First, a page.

Faculty Diversity and Program Standing In Criminology and Criminal Justice: Findings For 31 Doctoral Programs In 2008
Ashby's Law of Requisite Variety states that variance prepares systems for daily activities and unforeseeable events, suggesting that academic departments comprising faculty from multiple institutions and disciplines would better adapt to ever-changing environments. This study outlines the disciplinary heritage of full-time tenure-stream faculty (N = 495) within criminology and criminal justice doctoral programs (N = 31), then examines the degree to which those programs adhere to Ashby's principle. The study ranks programs on both institutional and disciplinary variances, and how well the programs balance those competing interests. Findings revealed that programs were quite mixed on both variance measures but that variance rankings had little association with how peers rated programs for 2009, in that highly ranked programs appeared with similar frequencies at both the top and bottom of variance rankings. Thus, it appears national respect is not dependent on the variance of faculties with respect to institutional and disciplinary heritage. © 2009 Academy of Criminal Justice Sciences.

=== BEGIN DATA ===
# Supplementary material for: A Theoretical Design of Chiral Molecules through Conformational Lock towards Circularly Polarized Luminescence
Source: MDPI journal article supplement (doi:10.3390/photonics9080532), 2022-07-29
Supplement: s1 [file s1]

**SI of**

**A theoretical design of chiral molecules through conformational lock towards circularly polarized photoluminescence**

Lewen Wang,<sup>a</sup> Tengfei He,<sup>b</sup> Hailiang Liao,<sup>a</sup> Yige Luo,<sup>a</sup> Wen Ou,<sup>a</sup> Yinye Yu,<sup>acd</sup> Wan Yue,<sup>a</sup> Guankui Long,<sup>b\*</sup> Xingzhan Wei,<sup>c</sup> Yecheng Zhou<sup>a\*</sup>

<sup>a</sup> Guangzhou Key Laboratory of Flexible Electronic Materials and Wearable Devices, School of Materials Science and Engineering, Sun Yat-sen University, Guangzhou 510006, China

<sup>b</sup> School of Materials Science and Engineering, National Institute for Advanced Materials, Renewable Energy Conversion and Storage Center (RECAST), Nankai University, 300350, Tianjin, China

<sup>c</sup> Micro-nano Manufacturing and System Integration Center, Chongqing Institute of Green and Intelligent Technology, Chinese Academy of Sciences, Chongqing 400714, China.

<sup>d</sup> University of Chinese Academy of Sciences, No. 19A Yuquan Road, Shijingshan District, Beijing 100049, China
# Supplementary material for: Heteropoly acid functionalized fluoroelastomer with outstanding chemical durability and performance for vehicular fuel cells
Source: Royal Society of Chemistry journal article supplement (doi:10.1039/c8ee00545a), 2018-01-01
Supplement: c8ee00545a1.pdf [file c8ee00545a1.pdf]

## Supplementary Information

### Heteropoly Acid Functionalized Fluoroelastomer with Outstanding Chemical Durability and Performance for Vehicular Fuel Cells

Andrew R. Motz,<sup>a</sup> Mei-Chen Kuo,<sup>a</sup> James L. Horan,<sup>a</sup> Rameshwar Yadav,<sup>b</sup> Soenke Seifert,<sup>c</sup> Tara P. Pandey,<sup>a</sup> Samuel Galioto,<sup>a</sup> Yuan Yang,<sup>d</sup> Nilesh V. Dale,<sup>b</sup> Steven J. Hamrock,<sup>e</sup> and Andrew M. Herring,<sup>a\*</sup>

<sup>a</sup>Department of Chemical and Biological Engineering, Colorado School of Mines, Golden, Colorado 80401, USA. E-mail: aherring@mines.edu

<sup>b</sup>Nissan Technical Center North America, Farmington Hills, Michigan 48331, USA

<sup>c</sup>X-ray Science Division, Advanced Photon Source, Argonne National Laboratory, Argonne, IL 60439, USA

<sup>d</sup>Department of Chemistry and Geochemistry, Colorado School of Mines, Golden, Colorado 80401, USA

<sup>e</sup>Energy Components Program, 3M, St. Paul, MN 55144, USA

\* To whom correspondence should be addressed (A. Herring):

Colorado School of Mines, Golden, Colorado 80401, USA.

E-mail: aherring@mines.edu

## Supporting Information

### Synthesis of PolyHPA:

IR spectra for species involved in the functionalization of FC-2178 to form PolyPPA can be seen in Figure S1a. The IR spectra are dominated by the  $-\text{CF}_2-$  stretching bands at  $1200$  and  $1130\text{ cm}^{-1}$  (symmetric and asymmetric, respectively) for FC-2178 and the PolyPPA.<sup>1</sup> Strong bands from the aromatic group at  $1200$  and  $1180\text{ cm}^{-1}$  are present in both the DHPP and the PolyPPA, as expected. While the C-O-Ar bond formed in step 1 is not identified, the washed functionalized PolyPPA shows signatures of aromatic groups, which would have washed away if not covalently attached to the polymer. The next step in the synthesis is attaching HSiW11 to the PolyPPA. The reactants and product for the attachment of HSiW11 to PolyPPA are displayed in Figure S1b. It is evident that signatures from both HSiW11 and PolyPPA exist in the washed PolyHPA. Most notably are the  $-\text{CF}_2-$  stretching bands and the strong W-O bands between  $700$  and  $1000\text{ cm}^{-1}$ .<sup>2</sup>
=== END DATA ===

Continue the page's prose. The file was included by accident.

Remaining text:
Journal of Criminal Justice Education
(2009). Faculty Diversity and Program Standing In Criminology and Criminal Justice: Findings For 31 Doctoral Programs In 2008. Journal of Criminal Justice Education, 20(3), 249-271.
Available at: https://aquila.usm.edu/fac_pubs/20930